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In what seems like eons ago, a package arrived from Streamlight with a TLR-1 Game Spotter. Since then, I’ve mounted it on pistols and rifles. I’ve managed to drop it, beat it against hard objects, use it for hours at a time, and generally abuse it extensively. It has survived six months of hard use and come out on the other side still ticking. Oh and it’s still running on the original batteries! The Game Spotter is an insanely bright weapons-mounted light that claims to throw a beam of green light some 300 meters or so. They also say that green light preserves night vision and aids in spotting game . . .

The prevailing science says that red or green is probably best for preserving night vision, but green (they say) is better for picking out detail at night which is important for after-dusk game hunting. Having put various varmints under red, white, and green lights over the last few years, I can safely say that green light does two things well: 1) it seems to be less alarming to critters and 2) it makes the reflection of their eyes “pop” making the spotting part very easy. On a nighttime rabbit hunt, Nick and I used the Game Spotter with great success and bagged several rabbits for a friend of mine. The furthest shot was taken at a touch over 100 yards by Leghorn and it was very easy to identify our target.

That said, for nighttime navigation, I find that a red light seems to preserve my night vision much better than green. This is evidenced by the fact that I can still pick out details when I shut the red light off, but my eyes usually take a few minutes to adjust after the green light winks out.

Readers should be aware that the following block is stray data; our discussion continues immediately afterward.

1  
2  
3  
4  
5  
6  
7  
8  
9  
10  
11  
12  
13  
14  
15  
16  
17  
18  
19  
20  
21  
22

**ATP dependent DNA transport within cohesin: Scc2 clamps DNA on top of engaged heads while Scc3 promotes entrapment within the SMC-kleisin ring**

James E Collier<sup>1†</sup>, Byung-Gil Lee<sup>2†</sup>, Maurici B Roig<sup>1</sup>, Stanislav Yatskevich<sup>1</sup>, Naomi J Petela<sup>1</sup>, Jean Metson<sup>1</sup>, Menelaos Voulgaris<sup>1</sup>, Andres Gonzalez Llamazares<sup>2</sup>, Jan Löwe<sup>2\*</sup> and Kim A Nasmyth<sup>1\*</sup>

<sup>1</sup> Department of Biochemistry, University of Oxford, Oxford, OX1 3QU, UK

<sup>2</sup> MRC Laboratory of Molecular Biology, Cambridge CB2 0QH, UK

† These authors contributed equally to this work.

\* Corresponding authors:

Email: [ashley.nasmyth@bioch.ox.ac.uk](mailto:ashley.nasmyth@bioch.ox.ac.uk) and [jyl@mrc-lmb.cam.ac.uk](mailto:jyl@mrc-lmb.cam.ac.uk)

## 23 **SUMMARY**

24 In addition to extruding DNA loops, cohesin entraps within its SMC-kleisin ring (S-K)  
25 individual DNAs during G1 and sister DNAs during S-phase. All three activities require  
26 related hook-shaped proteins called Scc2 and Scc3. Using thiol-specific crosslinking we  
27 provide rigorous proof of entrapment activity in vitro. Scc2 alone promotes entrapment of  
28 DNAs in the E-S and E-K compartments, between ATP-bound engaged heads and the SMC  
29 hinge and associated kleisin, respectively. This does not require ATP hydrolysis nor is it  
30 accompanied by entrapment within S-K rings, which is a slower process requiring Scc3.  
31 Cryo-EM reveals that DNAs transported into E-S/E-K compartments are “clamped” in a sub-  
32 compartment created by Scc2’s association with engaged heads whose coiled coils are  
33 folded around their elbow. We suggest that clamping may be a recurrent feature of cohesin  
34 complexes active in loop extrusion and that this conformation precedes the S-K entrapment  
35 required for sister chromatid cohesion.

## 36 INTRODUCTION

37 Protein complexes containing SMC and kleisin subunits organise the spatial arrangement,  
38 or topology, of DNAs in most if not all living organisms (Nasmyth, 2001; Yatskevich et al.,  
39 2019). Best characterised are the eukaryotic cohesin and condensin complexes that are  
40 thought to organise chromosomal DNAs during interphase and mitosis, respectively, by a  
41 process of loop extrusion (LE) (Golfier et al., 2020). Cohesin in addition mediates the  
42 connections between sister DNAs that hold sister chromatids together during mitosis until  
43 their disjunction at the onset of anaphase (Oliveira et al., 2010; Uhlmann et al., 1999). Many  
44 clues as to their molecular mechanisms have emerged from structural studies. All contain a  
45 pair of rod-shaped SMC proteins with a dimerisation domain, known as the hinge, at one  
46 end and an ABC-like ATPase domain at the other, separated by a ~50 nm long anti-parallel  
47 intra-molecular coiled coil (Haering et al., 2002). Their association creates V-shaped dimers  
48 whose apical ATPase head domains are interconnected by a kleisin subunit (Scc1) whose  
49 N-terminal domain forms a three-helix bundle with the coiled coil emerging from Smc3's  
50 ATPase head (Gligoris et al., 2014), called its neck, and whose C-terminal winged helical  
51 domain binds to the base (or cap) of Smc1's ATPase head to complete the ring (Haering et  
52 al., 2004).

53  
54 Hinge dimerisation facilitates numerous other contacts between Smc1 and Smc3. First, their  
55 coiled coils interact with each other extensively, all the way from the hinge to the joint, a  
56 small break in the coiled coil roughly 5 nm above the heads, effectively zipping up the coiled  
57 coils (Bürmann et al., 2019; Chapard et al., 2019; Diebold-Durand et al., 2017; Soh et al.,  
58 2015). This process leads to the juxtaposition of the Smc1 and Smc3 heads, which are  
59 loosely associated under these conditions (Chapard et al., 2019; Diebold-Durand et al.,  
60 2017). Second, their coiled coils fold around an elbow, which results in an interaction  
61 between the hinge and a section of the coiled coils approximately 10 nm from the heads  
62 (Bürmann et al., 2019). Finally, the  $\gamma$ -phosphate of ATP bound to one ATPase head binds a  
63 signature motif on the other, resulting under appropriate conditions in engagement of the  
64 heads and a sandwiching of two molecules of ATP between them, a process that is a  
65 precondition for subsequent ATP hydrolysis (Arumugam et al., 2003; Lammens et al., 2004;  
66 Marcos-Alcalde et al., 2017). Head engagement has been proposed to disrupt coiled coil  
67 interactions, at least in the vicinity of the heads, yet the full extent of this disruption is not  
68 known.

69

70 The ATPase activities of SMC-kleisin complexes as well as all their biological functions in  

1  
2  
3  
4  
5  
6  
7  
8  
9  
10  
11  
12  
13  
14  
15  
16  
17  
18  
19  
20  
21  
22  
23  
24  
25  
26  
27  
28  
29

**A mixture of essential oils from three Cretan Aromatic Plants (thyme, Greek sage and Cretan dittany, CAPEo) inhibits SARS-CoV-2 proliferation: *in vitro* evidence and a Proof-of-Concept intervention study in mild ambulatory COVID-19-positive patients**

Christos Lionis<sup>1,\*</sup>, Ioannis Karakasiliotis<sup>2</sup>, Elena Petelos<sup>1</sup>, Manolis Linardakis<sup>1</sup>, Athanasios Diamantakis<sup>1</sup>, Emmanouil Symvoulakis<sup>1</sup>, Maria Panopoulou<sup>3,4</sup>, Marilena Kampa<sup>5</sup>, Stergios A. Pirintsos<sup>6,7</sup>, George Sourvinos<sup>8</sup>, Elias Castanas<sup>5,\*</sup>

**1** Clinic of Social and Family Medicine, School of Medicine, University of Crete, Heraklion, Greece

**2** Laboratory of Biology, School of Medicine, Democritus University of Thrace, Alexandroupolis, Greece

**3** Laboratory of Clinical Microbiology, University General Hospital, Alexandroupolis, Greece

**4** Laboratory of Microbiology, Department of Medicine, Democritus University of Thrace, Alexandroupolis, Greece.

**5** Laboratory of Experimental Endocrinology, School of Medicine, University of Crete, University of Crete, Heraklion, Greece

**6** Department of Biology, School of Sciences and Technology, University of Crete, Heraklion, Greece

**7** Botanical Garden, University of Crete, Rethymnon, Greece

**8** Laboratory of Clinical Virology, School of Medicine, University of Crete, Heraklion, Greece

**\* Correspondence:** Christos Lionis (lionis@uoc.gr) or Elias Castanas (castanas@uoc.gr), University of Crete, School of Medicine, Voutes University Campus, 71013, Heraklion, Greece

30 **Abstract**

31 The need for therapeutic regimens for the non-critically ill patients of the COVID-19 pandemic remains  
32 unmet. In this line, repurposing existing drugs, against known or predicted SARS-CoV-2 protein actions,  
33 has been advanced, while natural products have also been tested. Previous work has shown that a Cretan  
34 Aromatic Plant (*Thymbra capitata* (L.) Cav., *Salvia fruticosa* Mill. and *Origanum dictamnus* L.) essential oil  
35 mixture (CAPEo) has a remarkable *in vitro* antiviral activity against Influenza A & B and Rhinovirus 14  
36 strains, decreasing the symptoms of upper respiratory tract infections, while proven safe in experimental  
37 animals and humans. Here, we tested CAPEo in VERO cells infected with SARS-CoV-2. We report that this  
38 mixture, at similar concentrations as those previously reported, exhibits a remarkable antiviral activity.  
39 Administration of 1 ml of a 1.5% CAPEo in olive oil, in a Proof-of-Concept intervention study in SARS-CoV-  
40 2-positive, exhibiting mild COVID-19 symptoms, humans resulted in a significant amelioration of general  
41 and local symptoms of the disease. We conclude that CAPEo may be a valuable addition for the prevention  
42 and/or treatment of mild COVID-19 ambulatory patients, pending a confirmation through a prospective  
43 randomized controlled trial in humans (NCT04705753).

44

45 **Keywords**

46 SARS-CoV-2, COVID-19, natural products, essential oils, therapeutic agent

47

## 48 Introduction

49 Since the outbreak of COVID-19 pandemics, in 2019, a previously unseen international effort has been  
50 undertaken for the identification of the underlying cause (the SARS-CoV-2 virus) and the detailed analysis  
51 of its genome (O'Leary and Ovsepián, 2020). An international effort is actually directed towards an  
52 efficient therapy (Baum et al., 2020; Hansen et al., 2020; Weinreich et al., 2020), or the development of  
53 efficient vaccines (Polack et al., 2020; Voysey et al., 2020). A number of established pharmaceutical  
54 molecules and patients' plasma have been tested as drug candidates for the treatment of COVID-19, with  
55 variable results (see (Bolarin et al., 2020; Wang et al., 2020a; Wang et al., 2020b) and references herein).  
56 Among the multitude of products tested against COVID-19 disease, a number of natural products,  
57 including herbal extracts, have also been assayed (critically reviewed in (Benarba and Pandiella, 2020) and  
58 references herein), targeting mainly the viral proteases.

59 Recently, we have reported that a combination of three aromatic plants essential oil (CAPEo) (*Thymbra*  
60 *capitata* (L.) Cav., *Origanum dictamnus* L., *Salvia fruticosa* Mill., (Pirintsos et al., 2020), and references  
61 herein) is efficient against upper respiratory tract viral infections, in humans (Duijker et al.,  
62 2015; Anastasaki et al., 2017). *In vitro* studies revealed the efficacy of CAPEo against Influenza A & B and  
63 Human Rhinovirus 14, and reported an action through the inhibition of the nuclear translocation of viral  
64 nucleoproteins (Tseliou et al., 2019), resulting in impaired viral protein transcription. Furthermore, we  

From a form factor, there’s one thing I love about this light and one thing that really irks me. Positive news first — the switch on the rear is perfect for “fumbling in the dark” use. Flip one way for momentary, the other for continuous. No other controls are needed. In my mind, that’s the way a light is supposed to work. So simple a caveman can use it.


On the down side, the bell of this light is too large in diameter. As you can see, it just clears the handguard on my AR. And on each pistol I mounted it, the bell sat only a few millimeters below the barrel in a prime spot to be hit by muzzle blast, gas, and particulates. The regular TLR-1 has a much smaller form factor and I’d prefer it over the Game Spotter for weapons-mounted use. I don’t know what the effect would be on the ability to cast a beam, but I can tell you that bell unscrews so it seems to be user replaceable.